This isn’t the only PvP challenge The Division 2 offers. There are more traditional team-based and deathmatch PvP battles called conflicts. I was surprised by how well The Division 2’s basic mechanics still work when applied to these more traditional battles. One mode has teams facing off in a deathmatch where their number of lives count down from a fixed number every time a team member respawns. When the extra lives expire, the last man standing wins for their team.
The designs for these smaller conflict maps are very good, with intersecting alleyways, main avenues, and ledges and ladders to climb up on top of buildings, where a sniper might be monitoring the street below. It feels more like The Last of Us than Rainbow Six, and close team coordination and precise aim matters more than gadgets and complex tactical plays. Conflicts are surprisingly well-executed and could be an enjoyable multiplayer games in their own rights.
Visuals and Sound
Graphics and Performance
The Division 2 isn’t the most graphically striking game in 2019. Textures sometimes fall flat, and character models and faces can seem stiff with a lack of emotion and animation. On the other hand, the quality of the Snowdrop Engine’s volumetric lighting solution is on full display as light shafts peek through the skyline and give the scene a beautiful glow with a high-quality global illumination. Environments are detailed with lush vegetation and intricate buildings, although shadow quality is strangely jagged and dithered, even on max settings. Another annoyance is the red hue which creeps into the screen when your character loses health.
While the visuals are still good, and it’s worth considering the scale of The Division 2’s open world, there are definitely better-looking games. And games with better performance as it suffers from prolonged frame rate dips and severe stutter at times on PC. Ubisoft has recognized that problem it’s an issue they are addressing in future updates, and that it exists across all platforms, so let’s hope they fix it soon.
Another frustration, are the bugs and glitches. During one important story mission, the final boss disappeared under the map. No one could shoot at him or damage him, and we tried everything. There was no option to restart the mission from the checkpoint, so I had to play the entire mission again from the start.
Sometimes objects will float into the air and spin around randomly. Sometimes NPCs will start levitating. These bugs aren’t common, but they can be extremely annoying in the rare case when they ruin your play session and force you to restart a mission, and the mechanism for reporting them to Ubisoft isn’t as clear as it should be.
This is very good, although there are a few quibbles. Weapons sound excellent and true-to-life. Snipers let out a bang that gives their recoil the proper feeling of heft, while shotguns blast with a wide snare. Some pistols sound too tinny, but the overall accuracy is stellar. I also want to draw attention to the score, which I’ve only become more impressed by as my time playing The Division 2 went on. Heavy rock drums and chunky guitars blast out with cinematic synth sweeps, and strings provide a feeling of authority and significance to the proceedings.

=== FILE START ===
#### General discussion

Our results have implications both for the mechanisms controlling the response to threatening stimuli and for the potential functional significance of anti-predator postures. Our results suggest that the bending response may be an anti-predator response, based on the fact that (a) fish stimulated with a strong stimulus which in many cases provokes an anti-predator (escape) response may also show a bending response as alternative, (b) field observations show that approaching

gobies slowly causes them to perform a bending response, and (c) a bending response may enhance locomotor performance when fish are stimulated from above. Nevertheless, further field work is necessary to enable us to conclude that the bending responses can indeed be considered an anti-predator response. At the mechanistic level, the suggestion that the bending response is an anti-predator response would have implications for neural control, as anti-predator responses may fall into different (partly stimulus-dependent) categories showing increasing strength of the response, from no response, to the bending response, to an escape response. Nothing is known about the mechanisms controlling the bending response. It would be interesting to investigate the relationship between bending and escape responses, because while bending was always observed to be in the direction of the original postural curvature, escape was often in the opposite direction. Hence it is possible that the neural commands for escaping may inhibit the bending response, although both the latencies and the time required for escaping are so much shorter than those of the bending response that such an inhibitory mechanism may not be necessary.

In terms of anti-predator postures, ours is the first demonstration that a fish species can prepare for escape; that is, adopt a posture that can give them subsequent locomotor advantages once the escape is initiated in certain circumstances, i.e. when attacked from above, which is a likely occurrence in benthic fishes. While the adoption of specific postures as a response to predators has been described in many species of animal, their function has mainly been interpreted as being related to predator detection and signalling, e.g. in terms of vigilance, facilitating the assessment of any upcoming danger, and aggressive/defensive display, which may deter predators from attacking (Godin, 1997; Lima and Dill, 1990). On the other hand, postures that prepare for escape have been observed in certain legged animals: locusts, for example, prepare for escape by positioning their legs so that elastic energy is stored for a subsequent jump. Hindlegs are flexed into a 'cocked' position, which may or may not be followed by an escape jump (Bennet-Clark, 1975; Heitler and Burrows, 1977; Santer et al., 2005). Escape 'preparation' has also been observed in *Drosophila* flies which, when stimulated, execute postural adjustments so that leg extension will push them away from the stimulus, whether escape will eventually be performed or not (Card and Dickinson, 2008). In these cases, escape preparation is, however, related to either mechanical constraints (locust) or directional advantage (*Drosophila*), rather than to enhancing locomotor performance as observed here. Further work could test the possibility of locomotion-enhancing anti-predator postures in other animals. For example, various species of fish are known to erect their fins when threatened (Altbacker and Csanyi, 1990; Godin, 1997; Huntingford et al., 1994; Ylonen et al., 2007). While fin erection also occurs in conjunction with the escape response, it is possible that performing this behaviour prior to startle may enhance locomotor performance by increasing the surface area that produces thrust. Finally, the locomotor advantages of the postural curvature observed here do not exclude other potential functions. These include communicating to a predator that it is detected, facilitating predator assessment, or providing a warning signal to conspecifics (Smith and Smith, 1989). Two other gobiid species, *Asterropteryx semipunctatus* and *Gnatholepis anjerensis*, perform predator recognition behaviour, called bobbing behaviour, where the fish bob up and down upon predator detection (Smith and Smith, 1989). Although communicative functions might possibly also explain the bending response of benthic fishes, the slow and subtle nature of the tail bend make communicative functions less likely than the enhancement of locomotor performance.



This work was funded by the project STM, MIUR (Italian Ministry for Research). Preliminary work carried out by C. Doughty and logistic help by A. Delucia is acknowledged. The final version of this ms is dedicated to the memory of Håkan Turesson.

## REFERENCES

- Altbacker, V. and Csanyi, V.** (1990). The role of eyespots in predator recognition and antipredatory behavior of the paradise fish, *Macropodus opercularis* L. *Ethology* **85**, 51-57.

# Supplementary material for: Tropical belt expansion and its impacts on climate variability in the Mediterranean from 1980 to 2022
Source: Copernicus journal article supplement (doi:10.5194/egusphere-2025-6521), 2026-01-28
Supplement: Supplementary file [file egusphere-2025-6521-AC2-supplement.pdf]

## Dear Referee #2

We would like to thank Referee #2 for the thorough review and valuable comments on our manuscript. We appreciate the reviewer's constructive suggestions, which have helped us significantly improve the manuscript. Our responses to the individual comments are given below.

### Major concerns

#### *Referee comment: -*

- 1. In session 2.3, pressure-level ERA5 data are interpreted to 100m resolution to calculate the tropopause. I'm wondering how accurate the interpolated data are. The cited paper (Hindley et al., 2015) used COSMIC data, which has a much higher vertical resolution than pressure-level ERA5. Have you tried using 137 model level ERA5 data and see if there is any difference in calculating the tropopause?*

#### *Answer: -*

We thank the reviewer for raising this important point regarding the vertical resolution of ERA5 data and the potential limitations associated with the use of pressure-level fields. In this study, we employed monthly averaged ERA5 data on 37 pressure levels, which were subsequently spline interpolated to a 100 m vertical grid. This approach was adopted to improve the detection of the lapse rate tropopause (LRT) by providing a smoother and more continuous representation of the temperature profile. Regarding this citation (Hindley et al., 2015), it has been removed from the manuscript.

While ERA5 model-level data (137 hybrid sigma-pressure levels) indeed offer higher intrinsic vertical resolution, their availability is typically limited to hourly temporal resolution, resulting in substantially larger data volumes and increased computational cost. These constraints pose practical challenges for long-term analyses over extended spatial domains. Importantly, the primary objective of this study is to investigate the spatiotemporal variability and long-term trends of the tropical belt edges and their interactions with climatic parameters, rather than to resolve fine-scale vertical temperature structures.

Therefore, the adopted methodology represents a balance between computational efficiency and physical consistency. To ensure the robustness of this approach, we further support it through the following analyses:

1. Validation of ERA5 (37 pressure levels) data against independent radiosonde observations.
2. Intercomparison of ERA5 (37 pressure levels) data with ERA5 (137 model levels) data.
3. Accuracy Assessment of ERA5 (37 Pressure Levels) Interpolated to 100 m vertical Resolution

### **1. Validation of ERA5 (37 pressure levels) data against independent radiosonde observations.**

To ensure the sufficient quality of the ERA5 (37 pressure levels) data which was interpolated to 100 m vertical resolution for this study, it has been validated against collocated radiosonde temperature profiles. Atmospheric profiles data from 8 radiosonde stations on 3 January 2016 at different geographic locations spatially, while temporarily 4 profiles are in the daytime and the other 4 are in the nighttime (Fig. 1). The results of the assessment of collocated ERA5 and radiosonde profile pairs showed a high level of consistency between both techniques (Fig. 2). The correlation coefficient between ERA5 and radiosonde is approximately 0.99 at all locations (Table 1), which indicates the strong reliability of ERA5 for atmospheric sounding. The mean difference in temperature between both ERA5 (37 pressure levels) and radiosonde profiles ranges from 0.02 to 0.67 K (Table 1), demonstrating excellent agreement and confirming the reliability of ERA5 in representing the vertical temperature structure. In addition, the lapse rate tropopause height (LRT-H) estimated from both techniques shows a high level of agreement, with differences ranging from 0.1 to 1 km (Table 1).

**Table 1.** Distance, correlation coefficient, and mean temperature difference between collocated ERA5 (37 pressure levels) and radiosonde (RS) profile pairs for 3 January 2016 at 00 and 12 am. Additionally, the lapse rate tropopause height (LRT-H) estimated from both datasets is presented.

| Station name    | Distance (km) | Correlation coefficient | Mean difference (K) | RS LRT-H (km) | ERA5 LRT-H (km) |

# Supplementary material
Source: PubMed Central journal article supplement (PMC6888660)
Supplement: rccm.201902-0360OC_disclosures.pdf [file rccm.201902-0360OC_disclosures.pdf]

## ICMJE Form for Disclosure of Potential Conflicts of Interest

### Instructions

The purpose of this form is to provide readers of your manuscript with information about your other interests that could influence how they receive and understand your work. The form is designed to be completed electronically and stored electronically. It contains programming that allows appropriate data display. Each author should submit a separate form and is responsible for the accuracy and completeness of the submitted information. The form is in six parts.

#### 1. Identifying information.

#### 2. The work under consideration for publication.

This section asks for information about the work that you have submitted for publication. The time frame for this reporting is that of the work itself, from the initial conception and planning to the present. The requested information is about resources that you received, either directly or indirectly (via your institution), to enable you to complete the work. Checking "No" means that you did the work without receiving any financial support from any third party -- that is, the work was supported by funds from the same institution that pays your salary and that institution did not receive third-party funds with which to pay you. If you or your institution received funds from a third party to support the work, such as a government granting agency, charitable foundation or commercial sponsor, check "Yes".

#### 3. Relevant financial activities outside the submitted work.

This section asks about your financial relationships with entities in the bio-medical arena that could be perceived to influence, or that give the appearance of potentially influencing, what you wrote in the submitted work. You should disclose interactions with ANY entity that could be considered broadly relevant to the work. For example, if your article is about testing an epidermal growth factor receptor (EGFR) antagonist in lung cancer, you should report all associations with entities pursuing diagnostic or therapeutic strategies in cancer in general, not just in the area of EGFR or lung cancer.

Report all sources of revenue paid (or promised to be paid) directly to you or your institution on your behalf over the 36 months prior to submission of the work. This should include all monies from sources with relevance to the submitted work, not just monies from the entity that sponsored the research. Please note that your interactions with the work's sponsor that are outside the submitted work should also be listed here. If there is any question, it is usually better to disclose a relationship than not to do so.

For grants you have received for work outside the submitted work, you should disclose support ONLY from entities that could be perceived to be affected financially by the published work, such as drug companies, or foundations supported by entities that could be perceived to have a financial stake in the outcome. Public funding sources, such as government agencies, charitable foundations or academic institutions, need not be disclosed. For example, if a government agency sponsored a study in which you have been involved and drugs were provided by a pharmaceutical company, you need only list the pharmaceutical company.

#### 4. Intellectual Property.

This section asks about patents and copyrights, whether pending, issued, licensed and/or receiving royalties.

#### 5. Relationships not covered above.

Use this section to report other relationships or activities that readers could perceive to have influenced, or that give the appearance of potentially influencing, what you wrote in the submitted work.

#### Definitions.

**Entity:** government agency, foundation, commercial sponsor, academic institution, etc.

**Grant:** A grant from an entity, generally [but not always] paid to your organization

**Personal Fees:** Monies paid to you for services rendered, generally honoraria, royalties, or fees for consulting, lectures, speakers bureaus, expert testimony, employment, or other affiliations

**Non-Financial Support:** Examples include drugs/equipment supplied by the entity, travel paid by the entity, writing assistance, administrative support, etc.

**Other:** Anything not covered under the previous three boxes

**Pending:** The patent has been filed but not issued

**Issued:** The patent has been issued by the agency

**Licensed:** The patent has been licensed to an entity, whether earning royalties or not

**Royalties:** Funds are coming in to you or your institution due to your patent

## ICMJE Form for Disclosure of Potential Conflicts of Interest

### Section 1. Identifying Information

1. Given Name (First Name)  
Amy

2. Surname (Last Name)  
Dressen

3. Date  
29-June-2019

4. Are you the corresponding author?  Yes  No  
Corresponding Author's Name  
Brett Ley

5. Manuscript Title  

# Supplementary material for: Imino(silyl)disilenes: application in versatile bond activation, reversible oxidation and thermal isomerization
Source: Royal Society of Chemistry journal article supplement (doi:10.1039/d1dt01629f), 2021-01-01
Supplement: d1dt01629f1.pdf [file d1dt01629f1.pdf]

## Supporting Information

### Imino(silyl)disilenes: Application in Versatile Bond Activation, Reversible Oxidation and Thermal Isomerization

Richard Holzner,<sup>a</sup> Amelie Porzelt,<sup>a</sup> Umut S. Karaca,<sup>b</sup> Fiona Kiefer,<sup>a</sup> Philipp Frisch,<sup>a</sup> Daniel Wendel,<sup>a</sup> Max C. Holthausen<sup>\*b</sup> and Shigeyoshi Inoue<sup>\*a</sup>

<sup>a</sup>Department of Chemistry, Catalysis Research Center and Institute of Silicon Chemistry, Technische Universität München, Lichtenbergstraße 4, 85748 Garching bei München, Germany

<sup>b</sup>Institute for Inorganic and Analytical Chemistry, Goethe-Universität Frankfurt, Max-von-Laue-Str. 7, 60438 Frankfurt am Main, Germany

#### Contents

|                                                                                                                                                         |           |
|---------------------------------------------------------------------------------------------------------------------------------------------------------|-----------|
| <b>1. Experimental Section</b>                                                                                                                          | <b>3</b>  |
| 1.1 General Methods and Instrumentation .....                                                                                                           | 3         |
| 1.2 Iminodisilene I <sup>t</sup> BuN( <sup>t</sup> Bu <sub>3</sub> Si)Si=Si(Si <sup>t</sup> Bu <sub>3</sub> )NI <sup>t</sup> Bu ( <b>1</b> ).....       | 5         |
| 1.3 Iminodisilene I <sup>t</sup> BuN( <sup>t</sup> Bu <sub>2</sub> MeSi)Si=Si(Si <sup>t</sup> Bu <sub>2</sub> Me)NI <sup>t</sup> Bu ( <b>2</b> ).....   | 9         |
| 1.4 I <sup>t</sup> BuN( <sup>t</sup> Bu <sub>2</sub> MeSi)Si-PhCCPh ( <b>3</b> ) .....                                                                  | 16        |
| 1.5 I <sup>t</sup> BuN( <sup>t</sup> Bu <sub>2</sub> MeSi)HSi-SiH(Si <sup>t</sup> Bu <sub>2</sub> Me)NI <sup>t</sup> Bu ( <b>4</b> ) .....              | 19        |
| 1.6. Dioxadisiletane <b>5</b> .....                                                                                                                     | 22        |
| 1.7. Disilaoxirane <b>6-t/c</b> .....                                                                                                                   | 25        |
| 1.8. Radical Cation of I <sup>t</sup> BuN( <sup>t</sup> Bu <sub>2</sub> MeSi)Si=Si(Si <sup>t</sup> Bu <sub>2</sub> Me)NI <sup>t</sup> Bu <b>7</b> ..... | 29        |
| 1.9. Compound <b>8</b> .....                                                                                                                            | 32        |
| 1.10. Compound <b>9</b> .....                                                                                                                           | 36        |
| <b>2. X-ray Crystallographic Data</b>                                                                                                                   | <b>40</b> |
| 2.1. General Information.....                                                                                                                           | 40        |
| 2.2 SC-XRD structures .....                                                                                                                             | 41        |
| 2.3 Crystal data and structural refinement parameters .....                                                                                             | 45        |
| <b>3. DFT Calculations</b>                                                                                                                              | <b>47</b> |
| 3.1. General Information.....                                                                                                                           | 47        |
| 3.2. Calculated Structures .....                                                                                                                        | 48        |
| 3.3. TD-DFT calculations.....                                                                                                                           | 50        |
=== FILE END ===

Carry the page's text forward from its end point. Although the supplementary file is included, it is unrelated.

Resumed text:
Ambient pads and throbbing industrial leads provide a great sense of tension in firefights when you’re outnumbered and retreating, and thick walls of guitars cut in as you enter battle. Ubisoft is pros when it comes to weapons and music, but the voice acting is a mixed bag. Most main characters are decent, but the stilted performances from side characters and incidental dialogue leave a lot to be desired.
The story is not The Division 2’s focus nor its forte, and it’s bland and lifeless. Even as a newcomer to The Division franchise, I had no difficulty figuring out what was going on, and the story doesn’t seem to rely much on knowledge of the previous game. In a near-apocalyptic Washington D.C., civilization has sunk into strife dominated by armed clan struggles.
The titular Division is a group of elite agents assisting the continuity U.S. government and allied communities help rebuild and maintain the few settlements that remain insulated from bloodthirsty gangs like the Hyenas, True Sons, and Outcasts. The story never really hits its stride, and it fizzles out with a disappointing ending.
Most of the characters feel lifeless and lack defined personalities. The story fails to deliver any sense of weight and it never reaches a dramatic crescendo. Instead, you’re more likely to forget what exactly you’re fighting, who the main protagonists are, and what motivation you’re supposed to have for engaging in battle with the enemy.
The story is clearly not The Division 2‘s focus: it’s barebones stuff here. That may even be preferable for some fans of the genre, who would rather have a basic story that doesn’t leave much of an impression than an attempt at a cinematic presentation with lengthy cutscenes for a genre that doesn’t really require or ask for it– and I’m looking at you, Anthem.
The Division 2 is a breath of fresh air in a crowded genre. It’s not trying to reinvent the loot shooter, and it doesn’t need to. Instead, Ubisoft has focused on carefully refining and polishing the base elements of gameplay. The excellent shooting and dynamic cover system. The wide variety of enemy types. The diverse and thrilling encounters with effective level design.
When you add it all up, you get a truly special game. It’s not perfect by any stretch of the imagination: they need to work on its technical issues, and the story is barely there and completely forgettable. But its story isn’t what The Division 2 is all about: it’s about exploring this destroyed city with friends and blasting your way through tense, challenging battles.
Expect to get around thirty hours from the main campaign, and dozens more from endgame. Ubisoft has made a game that’s jam-packed with content, and they should be rewarded for it: The Division 2 is worth playing for anyone even remotely interested in the genre.